Is it just me, or does the BBC series leave so many things unanswered? If there are any cliffhangers, this could easily be resolved in the space of two hours, or even just ninety minutes.

It’s All About The Morals


Credit: BBC

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Good vs Evil – capitalised intentionally – is never as black and white as is sometimes made out. We saw that best, I think, with the latest Joker film. The same can be said for the Peaky Blinders; they know that what they are doing – killing, maiming, threatening – is wrong, and do show remorse at times. But there is always, always a dilemma over it.

In the last series, we saw the threat of violence used against an Order of Nuns; there were reports of child abuse at the institution. The Shelby family took those orphaned children into their own care, away from the Nuns.

While we can all agree – likely – that violence is wrong there is a dilemma here. There is always a wrestle between what is right, and what is wrong. It makes for a great drama.

We even saw this when Tommy Shelby spoke with a former arch-enemy, Alfie Solomons. Alfie had been ‘dead’ for most of the series – and had retired to Margate. The conversation ends with Tommy suggesting he will not stop until he is defeated by a man that he himself cannot defeat.

Please, please, let there be a film!

What about a ‘younger generation’ takeover?

Time passing is subtle yet obvious in Peaky Blinders. Tommy Shelby has showed signs of ageing – such as having a child, changes in his hair cut, the need to wear glasses. Family members have died, while a younger generation has begun to flourish.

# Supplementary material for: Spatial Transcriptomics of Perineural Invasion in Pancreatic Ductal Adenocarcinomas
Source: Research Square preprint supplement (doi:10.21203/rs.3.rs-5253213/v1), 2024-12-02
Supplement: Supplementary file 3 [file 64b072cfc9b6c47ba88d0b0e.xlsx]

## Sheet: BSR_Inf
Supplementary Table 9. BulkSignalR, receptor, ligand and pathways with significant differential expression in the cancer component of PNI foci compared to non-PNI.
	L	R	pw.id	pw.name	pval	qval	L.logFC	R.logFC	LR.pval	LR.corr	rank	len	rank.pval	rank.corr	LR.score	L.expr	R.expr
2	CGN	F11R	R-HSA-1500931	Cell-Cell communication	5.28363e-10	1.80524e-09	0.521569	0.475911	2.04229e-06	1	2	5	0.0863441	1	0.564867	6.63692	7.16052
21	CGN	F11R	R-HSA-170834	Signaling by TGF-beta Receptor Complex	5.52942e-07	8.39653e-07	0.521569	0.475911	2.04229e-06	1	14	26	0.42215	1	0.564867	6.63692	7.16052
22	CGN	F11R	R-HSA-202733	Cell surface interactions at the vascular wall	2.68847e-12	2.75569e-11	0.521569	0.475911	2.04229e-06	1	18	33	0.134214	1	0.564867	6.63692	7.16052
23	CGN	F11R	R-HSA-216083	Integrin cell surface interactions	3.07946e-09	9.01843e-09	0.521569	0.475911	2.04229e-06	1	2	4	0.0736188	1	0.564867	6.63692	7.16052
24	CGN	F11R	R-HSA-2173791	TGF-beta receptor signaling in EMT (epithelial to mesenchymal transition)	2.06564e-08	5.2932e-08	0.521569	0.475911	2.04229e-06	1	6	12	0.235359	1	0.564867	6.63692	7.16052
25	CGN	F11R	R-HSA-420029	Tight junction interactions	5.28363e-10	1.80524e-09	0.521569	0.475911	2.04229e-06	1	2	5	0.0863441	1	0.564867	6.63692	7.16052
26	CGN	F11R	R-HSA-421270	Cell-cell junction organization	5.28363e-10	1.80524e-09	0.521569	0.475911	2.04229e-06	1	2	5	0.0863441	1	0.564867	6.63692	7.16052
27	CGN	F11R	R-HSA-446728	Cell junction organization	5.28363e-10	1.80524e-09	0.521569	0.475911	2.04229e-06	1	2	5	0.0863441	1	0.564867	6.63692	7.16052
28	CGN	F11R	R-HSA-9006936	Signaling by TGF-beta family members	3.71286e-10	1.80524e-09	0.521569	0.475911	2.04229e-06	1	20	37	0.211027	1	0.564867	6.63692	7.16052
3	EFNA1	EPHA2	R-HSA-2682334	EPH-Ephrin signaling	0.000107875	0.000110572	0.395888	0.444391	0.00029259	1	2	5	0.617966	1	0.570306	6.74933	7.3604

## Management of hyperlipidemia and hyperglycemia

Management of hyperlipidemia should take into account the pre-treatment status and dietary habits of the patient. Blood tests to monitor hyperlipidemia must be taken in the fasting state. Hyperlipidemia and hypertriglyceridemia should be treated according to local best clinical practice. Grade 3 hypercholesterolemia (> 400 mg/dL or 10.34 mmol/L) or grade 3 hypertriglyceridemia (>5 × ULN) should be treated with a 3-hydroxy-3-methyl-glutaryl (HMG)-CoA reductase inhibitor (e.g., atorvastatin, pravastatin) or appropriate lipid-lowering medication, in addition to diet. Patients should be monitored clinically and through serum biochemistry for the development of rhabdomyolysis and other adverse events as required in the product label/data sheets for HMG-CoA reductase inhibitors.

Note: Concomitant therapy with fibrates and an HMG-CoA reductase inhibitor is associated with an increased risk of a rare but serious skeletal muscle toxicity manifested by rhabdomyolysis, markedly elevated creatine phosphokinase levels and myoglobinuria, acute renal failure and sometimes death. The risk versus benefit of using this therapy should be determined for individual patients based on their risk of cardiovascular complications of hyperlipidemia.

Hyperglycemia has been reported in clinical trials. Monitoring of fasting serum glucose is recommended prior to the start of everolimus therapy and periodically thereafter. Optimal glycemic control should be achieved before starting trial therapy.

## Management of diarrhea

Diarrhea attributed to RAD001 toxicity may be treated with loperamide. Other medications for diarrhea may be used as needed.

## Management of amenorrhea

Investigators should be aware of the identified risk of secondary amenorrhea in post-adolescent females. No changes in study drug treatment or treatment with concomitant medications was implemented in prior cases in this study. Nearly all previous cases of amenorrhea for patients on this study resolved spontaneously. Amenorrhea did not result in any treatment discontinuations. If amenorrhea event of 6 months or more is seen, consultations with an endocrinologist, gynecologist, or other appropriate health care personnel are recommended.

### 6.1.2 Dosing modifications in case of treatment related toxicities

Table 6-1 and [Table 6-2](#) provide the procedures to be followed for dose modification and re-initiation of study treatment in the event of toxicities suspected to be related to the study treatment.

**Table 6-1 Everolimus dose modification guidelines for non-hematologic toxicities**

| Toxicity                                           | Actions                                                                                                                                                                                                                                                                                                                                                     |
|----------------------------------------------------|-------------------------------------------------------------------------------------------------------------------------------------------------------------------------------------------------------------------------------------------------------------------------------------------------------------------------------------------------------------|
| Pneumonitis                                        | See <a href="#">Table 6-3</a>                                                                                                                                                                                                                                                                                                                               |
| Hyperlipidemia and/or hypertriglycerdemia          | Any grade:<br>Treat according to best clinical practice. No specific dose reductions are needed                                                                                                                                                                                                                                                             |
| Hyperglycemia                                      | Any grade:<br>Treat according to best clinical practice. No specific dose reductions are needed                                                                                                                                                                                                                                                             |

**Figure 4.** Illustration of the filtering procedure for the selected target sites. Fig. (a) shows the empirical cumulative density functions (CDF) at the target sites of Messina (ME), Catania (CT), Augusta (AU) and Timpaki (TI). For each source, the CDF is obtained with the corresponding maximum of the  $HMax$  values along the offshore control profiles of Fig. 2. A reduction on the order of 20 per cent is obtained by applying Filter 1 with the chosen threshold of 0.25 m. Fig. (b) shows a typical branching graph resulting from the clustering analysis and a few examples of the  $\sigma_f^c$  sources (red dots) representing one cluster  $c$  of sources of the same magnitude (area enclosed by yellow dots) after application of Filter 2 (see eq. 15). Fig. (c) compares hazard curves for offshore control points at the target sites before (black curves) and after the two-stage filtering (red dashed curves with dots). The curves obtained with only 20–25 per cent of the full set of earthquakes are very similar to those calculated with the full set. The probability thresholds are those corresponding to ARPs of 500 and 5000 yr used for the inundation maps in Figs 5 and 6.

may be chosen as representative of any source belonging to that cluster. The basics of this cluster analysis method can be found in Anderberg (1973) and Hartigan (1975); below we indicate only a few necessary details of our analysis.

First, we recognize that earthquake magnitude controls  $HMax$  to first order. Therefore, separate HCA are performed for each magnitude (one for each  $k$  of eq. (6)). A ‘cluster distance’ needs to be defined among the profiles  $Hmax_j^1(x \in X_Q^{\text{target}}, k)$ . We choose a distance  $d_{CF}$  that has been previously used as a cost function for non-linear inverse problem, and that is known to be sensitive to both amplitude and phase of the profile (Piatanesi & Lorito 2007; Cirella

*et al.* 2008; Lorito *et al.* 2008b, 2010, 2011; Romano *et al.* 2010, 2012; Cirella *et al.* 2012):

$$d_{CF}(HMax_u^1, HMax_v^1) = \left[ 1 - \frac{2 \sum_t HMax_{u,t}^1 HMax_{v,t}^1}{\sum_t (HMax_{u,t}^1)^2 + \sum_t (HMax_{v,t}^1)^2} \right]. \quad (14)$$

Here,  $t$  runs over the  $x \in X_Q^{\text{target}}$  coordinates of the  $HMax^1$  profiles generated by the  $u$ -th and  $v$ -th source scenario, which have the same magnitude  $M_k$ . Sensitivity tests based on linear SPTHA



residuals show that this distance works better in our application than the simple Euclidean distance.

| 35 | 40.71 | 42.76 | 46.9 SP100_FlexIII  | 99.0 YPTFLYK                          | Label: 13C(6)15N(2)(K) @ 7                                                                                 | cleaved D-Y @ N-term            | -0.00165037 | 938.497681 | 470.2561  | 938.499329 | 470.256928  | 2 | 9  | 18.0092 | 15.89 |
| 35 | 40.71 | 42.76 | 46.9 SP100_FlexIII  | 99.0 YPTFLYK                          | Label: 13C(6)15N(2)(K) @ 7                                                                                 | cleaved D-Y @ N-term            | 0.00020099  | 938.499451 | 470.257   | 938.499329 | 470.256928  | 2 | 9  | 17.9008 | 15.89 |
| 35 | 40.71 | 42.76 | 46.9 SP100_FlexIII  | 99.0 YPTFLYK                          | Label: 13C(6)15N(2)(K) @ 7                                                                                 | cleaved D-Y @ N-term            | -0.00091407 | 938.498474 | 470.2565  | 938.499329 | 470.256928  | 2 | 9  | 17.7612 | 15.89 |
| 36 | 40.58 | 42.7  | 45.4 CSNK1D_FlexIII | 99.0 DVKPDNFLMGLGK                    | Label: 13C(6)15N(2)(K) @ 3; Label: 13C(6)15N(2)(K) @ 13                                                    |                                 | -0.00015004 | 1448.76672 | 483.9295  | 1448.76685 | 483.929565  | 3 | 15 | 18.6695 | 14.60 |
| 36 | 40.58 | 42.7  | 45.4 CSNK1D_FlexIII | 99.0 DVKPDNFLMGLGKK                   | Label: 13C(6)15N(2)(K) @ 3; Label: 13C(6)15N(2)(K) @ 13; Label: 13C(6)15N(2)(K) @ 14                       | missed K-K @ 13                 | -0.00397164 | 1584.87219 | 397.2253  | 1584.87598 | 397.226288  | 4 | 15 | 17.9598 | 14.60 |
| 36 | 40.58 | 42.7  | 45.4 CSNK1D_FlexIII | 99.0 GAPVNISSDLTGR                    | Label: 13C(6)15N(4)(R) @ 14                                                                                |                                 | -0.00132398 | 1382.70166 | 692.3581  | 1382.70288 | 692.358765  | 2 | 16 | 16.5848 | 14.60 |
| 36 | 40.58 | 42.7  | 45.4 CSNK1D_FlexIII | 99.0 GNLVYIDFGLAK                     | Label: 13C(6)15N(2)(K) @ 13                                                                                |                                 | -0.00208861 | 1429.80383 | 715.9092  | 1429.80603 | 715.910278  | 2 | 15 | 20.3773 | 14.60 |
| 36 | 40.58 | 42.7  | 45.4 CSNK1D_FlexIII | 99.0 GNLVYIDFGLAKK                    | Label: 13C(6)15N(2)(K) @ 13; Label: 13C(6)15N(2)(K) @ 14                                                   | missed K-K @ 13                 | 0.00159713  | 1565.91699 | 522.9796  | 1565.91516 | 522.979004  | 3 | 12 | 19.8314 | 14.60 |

Time passes. Inevitably, we all die in the end. If the throne Tommy Shelby sits on has to become vacated, then a film could show the takeover by another family member, as a part of its plot.

Micheal Grey may be the most tiresome of all the Shelby clan – his entitlement in the last series irrationally irked me to an extreme level, when the Depression was just settling in – but at least the Shelby company would still be within the family.

A Peaky Blinders film would also need a good villain


Credit: BBC

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Every villain in Peaky Blinders has become instantly memorable.

We had Inspector Campbell with his casual misogyny and his sanctimonious mandate; Luca Changretta was utterly terrifying, someone who we see uses devil references about himself.

His family also kill one of the Shelby’s in a home shootout. (RIP John.)

Alfie Solomons is a friend as well as a foe. Oswald Mosley is a side villain for sure, but is still captivating yet terrifying. What is the common denominator?

The personality, as well as the accent. You can ‘hear’ each and every villain before you see them, almost.

Now we just need this film to go to production.

What do you make of this news?

Would you like to see a Peaky Blinders film?

Let us know your thoughts in the comments below.